new to play with and a chance break away from the ordinary.
MISH MASH Mandate: Fishy Pick
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New Music Reviews
What is a rock snob? According to authors David Kemp and Steven Daly
it's defined as a "pop connoisseur for whom the actual enjoyment
of music is but a side dish to the accumulation of arcane knowledge
about it." We all know the type, the know-it-all music
buff who is immersed in the nit-picking trivia of rock---not unlike
the characters who populate High Fidelity ---and ravage those who
are ignorant of the seemingly never-ending stream of super snob knowledge.
by David Kamp And Steven Daly
151 page softcover book
The dictionary is written with acerbic wit, biting with abandon
the hipster hands that feed it, making fun of not only the rock
snobs, but those the snobs hold in high regard. There are few sacred
cows untouched, as the dictionary attempts to define and decipher
everything in the snob lexicon from "Acetate" to "Zoso"
(the first is a test pressing of a vinyl record, and the second
is the fan-given name to Led Zeppelin's fourth LP). One of my favorite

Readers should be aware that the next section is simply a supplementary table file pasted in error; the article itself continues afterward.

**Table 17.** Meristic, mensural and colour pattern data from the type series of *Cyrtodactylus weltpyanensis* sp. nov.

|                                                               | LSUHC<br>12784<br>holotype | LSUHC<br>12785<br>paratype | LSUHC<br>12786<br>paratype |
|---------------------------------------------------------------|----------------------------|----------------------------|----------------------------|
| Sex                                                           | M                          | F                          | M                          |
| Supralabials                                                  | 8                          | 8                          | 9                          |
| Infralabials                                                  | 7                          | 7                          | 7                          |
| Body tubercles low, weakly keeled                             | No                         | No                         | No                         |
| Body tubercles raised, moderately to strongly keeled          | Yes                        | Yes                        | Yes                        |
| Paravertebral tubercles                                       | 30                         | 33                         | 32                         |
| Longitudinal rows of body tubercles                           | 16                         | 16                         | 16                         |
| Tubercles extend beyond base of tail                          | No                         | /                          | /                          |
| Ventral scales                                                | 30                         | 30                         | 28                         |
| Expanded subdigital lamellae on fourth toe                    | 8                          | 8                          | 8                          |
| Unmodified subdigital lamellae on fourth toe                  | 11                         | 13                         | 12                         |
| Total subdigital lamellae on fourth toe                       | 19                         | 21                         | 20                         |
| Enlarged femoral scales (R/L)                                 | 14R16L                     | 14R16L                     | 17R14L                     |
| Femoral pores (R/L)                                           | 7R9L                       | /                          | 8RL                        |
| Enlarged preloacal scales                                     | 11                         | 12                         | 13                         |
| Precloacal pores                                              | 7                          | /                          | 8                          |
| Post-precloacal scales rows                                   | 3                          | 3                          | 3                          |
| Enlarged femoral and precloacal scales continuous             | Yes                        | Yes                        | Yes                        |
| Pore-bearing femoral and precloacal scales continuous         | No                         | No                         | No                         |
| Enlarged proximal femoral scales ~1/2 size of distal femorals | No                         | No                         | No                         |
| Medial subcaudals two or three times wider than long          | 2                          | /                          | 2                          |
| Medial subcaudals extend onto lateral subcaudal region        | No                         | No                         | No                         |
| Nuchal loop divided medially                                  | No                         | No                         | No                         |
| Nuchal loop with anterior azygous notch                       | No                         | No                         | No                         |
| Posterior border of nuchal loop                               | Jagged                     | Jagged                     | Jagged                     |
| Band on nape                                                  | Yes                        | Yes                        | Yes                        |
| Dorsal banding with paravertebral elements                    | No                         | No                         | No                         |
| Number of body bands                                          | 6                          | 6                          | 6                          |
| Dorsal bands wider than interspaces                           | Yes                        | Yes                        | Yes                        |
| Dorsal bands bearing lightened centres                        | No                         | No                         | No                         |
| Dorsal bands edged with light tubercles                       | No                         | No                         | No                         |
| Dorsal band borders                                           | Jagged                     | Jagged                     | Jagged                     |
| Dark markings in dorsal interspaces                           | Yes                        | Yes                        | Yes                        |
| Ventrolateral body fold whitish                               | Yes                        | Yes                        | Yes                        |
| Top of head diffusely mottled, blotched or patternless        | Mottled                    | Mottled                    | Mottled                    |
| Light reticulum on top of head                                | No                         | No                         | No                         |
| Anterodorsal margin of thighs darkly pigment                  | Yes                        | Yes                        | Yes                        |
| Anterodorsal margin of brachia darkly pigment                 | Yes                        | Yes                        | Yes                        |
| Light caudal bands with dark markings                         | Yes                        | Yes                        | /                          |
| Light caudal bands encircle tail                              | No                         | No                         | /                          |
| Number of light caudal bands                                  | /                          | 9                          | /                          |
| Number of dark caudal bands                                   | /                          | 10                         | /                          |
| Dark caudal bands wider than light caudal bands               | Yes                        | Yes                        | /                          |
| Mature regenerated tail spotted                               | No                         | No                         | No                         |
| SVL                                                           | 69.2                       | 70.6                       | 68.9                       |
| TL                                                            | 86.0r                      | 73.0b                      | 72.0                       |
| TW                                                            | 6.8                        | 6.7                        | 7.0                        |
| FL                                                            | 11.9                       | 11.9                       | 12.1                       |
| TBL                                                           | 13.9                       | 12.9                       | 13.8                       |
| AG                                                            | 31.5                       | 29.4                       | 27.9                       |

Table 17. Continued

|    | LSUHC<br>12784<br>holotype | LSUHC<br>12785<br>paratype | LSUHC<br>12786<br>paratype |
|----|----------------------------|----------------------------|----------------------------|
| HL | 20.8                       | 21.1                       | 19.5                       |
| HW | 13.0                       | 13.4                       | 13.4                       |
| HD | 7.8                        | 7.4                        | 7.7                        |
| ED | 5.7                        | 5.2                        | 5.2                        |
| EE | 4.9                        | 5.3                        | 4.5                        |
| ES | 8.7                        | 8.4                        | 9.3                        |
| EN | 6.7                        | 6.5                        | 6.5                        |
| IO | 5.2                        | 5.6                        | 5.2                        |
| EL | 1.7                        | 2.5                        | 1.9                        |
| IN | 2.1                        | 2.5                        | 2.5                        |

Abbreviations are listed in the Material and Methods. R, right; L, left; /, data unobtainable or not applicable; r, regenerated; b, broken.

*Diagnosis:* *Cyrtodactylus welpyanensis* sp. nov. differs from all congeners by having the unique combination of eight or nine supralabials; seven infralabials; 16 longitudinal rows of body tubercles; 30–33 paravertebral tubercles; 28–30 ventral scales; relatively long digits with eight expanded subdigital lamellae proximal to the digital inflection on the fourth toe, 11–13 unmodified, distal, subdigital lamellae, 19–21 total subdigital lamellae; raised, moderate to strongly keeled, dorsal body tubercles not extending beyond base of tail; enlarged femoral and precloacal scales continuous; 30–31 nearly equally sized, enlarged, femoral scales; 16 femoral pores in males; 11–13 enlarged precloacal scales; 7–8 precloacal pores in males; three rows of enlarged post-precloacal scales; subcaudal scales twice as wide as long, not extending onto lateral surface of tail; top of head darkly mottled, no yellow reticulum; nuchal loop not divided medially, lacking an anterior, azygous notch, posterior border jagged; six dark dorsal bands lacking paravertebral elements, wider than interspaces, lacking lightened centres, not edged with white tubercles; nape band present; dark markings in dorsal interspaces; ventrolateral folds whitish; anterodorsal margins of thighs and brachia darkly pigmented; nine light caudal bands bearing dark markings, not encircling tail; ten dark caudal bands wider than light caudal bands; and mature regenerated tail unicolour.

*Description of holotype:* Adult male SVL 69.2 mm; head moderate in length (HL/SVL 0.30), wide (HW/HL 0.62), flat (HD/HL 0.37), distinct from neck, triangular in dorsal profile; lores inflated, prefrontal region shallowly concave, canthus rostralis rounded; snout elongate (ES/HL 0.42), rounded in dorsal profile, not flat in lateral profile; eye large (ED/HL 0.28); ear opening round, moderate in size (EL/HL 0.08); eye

examples is in the entry for Nick Drake, who is described as being
a "sad sack" who "was frequently photographed standing
dolefully among trees". If you find that funny, you either
know a snob, or you are one.
The brilliance comes not only in the definitions, but in the fact
that many of the entries are cross-referenced, and the most important
entries are highlighted for those who aren't in the know. Armed
with this book, you can go up against any snob when they go on about
"coruscating guitars" or The Master Musicians of Jajouka.
MISH MASH Mandate: Lexicon Of Love
Rock Snob Website
Broadway Books Website
Jet By Day
Future Farmer Recordings
11 song CD
Jet By Day is a group of angry young men, and they aren't afraid
to show it---even if it's not quite clear what they're angry about.
The angst just peels off of this record in layers, drowning the
listener in dissonant guitars and aggression.
That having been said, this is one of the finest albums I've heard
all year. The band has a knack for combining the punch of classic
hard rock and the anxiety of emo into an incredible package. It's
tight, it's on edge, it's catchy and it's loud. Even though they're
rocking out, they're not afraid to write memorable pop songs---so
while you're pumping your fist, you're also singing along.
MISH MASH Mandate: St. Anger
Jet By Day Website
Future Farmer Recordings Website
In The Red Records
10 Song CD
On the Ponys' first album, Laced With Romance,
the band attacked straight on with a bludgeon to the head, but
on their second outing, they're sneaking up from behind to put
on the stranglehold. This one isn't as big and brass as the first,
scaling back the raging bonfire into a smoldering slow-burn which
rambles and meanders through ten tragically beautiful songs of